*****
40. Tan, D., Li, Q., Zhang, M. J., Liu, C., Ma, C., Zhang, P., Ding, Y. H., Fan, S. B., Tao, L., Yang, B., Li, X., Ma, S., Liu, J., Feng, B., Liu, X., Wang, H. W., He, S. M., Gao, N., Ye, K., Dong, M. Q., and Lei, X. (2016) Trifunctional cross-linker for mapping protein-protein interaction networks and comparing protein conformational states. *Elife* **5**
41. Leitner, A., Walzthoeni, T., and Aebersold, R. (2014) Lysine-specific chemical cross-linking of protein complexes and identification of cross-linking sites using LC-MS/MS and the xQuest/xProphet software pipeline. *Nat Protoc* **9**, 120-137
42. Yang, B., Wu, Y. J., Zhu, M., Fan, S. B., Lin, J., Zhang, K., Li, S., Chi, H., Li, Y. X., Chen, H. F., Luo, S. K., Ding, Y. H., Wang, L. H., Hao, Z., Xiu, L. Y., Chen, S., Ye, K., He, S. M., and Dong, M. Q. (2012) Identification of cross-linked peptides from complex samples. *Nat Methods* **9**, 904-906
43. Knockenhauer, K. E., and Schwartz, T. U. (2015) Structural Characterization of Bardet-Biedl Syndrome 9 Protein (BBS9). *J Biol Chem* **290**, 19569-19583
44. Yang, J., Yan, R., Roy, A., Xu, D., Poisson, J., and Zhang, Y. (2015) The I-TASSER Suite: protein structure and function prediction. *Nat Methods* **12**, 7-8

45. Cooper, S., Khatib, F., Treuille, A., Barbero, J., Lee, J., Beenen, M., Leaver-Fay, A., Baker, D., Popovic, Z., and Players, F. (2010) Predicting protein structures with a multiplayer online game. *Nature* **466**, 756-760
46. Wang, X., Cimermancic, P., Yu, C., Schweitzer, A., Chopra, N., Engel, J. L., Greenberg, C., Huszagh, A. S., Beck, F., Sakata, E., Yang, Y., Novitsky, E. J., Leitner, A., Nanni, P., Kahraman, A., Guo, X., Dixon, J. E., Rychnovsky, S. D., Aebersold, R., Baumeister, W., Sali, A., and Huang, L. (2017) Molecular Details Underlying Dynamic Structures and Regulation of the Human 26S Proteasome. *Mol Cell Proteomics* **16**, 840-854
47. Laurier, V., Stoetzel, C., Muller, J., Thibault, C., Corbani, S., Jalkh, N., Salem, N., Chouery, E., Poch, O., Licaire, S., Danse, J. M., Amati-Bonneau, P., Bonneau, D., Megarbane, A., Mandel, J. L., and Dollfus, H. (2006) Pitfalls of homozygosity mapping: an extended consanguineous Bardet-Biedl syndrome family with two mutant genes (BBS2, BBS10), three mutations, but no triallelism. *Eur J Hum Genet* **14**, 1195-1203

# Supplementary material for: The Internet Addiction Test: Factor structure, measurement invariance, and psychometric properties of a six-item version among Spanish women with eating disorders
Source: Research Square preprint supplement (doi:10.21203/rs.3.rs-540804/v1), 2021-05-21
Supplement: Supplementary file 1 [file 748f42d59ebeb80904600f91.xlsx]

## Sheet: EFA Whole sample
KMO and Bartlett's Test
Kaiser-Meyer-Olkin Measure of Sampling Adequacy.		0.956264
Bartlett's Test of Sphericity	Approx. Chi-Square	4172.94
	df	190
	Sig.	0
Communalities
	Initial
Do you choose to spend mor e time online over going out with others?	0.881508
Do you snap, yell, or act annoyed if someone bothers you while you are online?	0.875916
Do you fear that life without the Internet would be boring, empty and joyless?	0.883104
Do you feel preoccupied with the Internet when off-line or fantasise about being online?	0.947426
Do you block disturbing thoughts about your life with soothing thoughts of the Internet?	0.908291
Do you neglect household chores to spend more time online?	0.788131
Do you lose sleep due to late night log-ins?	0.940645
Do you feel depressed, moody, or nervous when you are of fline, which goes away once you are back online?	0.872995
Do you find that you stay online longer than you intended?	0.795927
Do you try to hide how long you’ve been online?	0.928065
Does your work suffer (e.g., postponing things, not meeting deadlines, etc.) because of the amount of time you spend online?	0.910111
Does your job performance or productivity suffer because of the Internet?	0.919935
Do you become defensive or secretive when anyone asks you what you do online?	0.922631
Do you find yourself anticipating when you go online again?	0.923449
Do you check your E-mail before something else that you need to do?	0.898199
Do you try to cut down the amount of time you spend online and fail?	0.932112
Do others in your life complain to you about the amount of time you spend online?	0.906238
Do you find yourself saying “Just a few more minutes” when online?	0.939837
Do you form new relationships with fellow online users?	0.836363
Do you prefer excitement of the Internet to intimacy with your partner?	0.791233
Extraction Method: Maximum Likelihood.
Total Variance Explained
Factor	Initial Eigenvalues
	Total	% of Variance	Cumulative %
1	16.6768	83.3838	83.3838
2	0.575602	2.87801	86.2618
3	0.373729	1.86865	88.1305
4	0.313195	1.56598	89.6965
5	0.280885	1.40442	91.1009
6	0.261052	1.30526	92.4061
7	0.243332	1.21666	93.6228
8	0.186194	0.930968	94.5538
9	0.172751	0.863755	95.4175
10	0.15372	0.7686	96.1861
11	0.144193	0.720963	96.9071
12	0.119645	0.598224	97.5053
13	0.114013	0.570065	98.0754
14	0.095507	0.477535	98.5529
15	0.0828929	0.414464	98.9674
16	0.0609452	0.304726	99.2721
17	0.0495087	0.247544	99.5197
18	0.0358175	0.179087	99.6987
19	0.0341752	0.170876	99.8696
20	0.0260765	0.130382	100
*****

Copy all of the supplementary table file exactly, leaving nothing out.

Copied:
40. Tan, D., Li, Q., Zhang, M. J., Liu, C., Ma, C., Zhang, P., Ding, Y. H., Fan, S. B., Tao, L., Yang, B., Li, X., Ma, S., Liu, J., Feng, B., Liu, X., Wang, H. W., He, S. M., Gao, N., Ye, K., Dong, M. Q., and Lei, X. (2016) Trifunctional cross-linker for mapping protein-protein interaction networks and comparing protein conformational states. *Elife* **5**
41. Leitner, A., Walzthoeni, T., and Aebersold, R. (2014) Lysine-specific chemical cross-linking of protein complexes and identification of cross-linking sites using LC-MS/MS and the xQuest/xProphet software pipeline. *Nat Protoc* **9**, 120-137
42. Yang, B., Wu, Y. J., Zhu, M., Fan, S. B., Lin, J., Zhang, K., Li, S., Chi, H., Li, Y. X., Chen, H. F., Luo, S. K., Ding, Y. H., Wang, L. H., Hao, Z., Xiu, L. Y., Chen, S., Ye, K., He, S. M., and Dong, M. Q. (2012) Identification of cross-linked peptides from complex samples. *Nat Methods* **9**, 904-906
43. Knockenhauer, K. E., and Schwartz, T. U. (2015) Structural Characterization of Bardet-Biedl Syndrome 9 Protein (BBS9). *J Biol Chem* **290**, 19569-19583
44. Yang, J., Yan, R., Roy, A., Xu, D., Poisson, J., and Zhang, Y. (2015) The I-TASSER Suite: protein structure and function prediction. *Nat Methods* **12**, 7-8

45. Cooper, S., Khatib, F., Treuille, A., Barbero, J., Lee, J., Beenen, M., Leaver-Fay, A., Baker, D., Popovic, Z., and Players, F. (2010) Predicting protein structures with a multiplayer online game. *Nature* **466**, 756-760
46. Wang, X., Cimermancic, P., Yu, C., Schweitzer, A., Chopra, N., Engel, J. L., Greenberg, C., Huszagh, A. S., Beck, F., Sakata, E., Yang, Y., Novitsky, E. J., Leitner, A., Nanni, P., Kahraman, A., Guo, X., Dixon, J. E., Rychnovsky, S. D., Aebersold, R., Baumeister, W., Sali, A., and Huang, L. (2017) Molecular Details Underlying Dynamic Structures and Regulation of the Human 26S Proteasome. *Mol Cell Proteomics* **16**, 840-854
47. Laurier, V., Stoetzel, C., Muller, J., Thibault, C., Corbani, S., Jalkh, N., Salem, N., Chouery, E., Poch, O., Licaire, S., Danse, J. M., Amati-Bonneau, P., Bonneau, D., Megarbane, A., Mandel, J. L., and Dollfus, H. (2006) Pitfalls of homozygosity mapping: an extended consanguineous Bardet-Biedl syndrome family with two mutant genes (BBS2, BBS10), three mutations, but no triallelism. *Eur J Hum Genet* **14**, 1195-1203

# Supplementary material for: The Internet Addiction Test: Factor structure, measurement invariance, and psychometric properties of a six-item version among Spanish women with eating disorders
Source: Research Square preprint supplement (doi:10.21203/rs.3.rs-540804/v1), 2021-05-21
Supplement: Supplementary file 1 [file 748f42d59ebeb80904600f91.xlsx]

## Sheet: EFA Whole sample
KMO and Bartlett's Test
Kaiser-Meyer-Olkin Measure of Sampling Adequacy.		0.956264
Bartlett's Test of Sphericity	Approx. Chi-Square	4172.94
	df	190
	Sig.	0
Communalities
	Initial
Do you choose to spend mor e time online over going out with others?	0.881508
Do you snap, yell, or act annoyed if someone bothers you while you are online?	0.875916
Do you fear that life without the Internet would be boring, empty and joyless?	0.883104
Do you feel preoccupied with the Internet when off-line or fantasise about being online?	0.947426
Do you block disturbing thoughts about your life with soothing thoughts of the Internet?	0.908291
Do you neglect household chores to spend more time online?	0.788131
Do you lose sleep due to late night log-ins?	0.940645
Do you feel depressed, moody, or nervous when you are of fline, which goes away once you are back online?	0.872995
Do you find that you stay online longer than you intended?	0.795927
Do you try to hide how long you’ve been online?	0.928065
Does your work suffer (e.g., postponing things, not meeting deadlines, etc.) because of the amount of time you spend online?	0.910111
Does your job performance or productivity suffer because of the Internet?	0.919935
Do you become defensive or secretive when anyone asks you what you do online?	0.922631
Do you find yourself anticipating when you go online again?	0.923449
Do you check your E-mail before something else that you need to do?	0.898199
Do you try to cut down the amount of time you spend online and fail?	0.932112
Do others in your life complain to you about the amount of time you spend online?	0.906238
Do you find yourself saying “Just a few more minutes” when online?	0.939837
Do you form new relationships with fellow online users?	0.836363
Do you prefer excitement of the Internet to intimacy with your partner?	0.791233
Extraction Method: Maximum Likelihood.
Total Variance Explained
Factor	Initial Eigenvalues
	Total	% of Variance	Cumulative %
1	16.6768	83.3838	83.3838
2	0.575602	2.87801	86.2618
3	0.373729	1.86865	88.1305
4	0.313195	1.56598	89.6965
5	0.280885	1.40442	91.1009
6	0.261052	1.30526	92.4061
7	0.243332	1.21666	93.6228
8	0.186194	0.930968	94.5538
9	0.172751	0.863755	95.4175
10	0.15372	0.7686	96.1861
11	0.144193	0.720963	96.9071
12	0.119645	0.598224	97.5053
13	0.114013	0.570065	98.0754
14	0.095507	0.477535	98.5529
15	0.0828929	0.414464	98.9674
16	0.0609452	0.304726	99.2721
17	0.0495087	0.247544	99.5197
18	0.0358175	0.179087	99.6987
19	0.0341752	0.170876	99.8696
20	0.0260765	0.130382	100